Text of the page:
More defeated Campion by three votes at the 1624 election, possibly with the support of his landlord, the earl of Southampton, who was anxious to strengthen the representation of the Virginia Company in the Commons.31 Regrettably, neither the Journal nor the diarists distinguish him from Samuel More* and Poynings More*. Although not formally appointed, More attended three meetings of the committee for a bill to regulate the activities of customs officers (24 Mar. 1624).32 In the debate of 12 Apr. on the repeal of statutes ‘Mr. More’ argued that ‘barley is the most necessary grain of all for the poor and others, and unfittest to be transported’; and therefore he would have export prohibited until the price fell very low.33 On 21 Apr. it was clearly the Hampshire MP who urged an increase in the quantity of wool to be exported to Guernsey, ‘alleging it was to keep 7,000 people at work, and that Hampshire had an overplus of wool which they could not vent’.34 On 5 May he spoke again on the subject, defending the Merchant Adventurers by arguing that ‘if we give liberty to all men to trade in dyed cloths, we must preserve order and government among them, or else we shall mar all trade’.35 It was probably More rather than one of his namesakes who was appointed to consider bills to regulate the activities of the clerk of the market (14 Apr.), and to reverse a decree in Chancery against the London Feltmakers (4 May); his final committee concerned a subject of which he had direct experience, petitions against new buildings (25 May).36 On 22 Feb. 1625, with Parliament in recess, More was arrested at the suit of one Henry Hodges.37 He had been released by April when he stood for Lymington again in the first general election of the new reign, and tied for the junior seat with the under-age son of Sir John Mill, 1st bt*. The mayor declined to give a casting vote, and left the decision to the Commons. No report was made from the Commons’ election committee; but while Parliament was in session at Oxford More asserted his parliamentary privilege by refusing to answer a summons to the assizes.38 After the dissolution he was assessed at £10 for the Privy Seal loan.39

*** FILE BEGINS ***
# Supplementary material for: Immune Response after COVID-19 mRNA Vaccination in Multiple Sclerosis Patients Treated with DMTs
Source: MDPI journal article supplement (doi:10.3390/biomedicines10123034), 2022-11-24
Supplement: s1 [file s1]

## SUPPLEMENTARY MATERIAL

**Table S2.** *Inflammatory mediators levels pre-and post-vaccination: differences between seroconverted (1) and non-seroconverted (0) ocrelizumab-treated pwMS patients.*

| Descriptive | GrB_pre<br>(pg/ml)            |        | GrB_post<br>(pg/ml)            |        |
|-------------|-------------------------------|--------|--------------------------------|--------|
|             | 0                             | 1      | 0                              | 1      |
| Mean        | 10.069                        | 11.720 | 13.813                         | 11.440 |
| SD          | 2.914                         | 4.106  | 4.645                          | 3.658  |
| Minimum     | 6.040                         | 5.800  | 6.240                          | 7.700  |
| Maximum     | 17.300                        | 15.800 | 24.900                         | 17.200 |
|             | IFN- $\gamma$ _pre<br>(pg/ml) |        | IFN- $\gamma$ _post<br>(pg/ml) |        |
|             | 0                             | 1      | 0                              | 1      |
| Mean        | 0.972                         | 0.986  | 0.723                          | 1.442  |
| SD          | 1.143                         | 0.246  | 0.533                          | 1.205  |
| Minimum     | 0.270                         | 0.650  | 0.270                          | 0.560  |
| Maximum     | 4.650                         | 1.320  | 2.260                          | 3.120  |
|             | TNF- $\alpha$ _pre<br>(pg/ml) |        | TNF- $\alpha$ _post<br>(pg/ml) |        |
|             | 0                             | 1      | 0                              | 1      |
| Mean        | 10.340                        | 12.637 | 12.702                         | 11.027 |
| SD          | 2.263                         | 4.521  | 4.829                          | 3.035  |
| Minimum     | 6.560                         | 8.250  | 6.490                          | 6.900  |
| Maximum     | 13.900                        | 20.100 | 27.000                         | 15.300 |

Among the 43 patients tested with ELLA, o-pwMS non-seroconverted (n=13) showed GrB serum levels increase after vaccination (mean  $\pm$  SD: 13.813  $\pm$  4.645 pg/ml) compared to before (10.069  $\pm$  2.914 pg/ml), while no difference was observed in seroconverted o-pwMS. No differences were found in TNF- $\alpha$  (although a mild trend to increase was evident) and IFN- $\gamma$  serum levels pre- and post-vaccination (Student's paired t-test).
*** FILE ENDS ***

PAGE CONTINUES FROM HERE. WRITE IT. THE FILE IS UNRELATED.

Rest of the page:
More was re-elected at Lymington in 1626 without a contest. He is again difficult to distinguish from Poynings More in the records of this Parliament. In the debates on the embargo of the French merchant vessel St. Peter of Le Havre, it was doubtless he who argued on 23 Feb., and again on 1 Mar., that the French were at fault rather than the lord admiral, Buckingham, an early indication of his sympathy for the beleaguered royal favourite, and he proposed on 25 Feb. that impositions should be raised by parliamentary authority to finance coastal defence.40 On 27 Feb. he was granted privilege against further suits laid by Hodges.41 He was named, as ‘Mr. More’, to committees for bills to regulate the grant of outlawries (1 Mar.), and the construction of new buildings (4 Mar.), two sources of profit to himself.42 On 7 Mar. he was ordered to produce his salt patent before the grievance committee, and on 28 Mar. it was reported to be an illegal monopoly. On 5 May the House debated how to proceed, and after More had been directed to withdraw from the chamber the patent was unanimously judged a grievance. He was admonished by the Speaker not to procure any further such monopoly, and replied by joining in the general condemnation, agreeing on 25 May to a collusive action to annul the patent.43 Thereafter he was named to no further committees. On 20 May John Pym* informed the Commons that a verdict had been obtained against him in King’s Bench, perhaps by Lady Winwood. The House requested a stay of judgment while his case was considered by the privileges committee, but no report was ever made.44 On 3 June the grand committee to prepare a conference on the impeachment of the duke of Buckingham raised the subject of ‘new counsels’ in countries where representative bodies had been suppressed. More caused a scandal by declaring impulsively that it would be ‘impossible for a tyrant to bring this land to subjection, like that of France’; his intention was clearly to defend Buckingham, but many present were deeply alarmed by the treasonous implication of his words.45 He was cut short by Sir Richard Weston*, and although he denied any malice his words were reported to the House. It was accepted that his tongue had run away with him, and after some debate he was committed to the Tower.46 When his petition for release was read four days later, Weston informed the Commons that the king wished to spare him further punishment, and he was restored to his place.47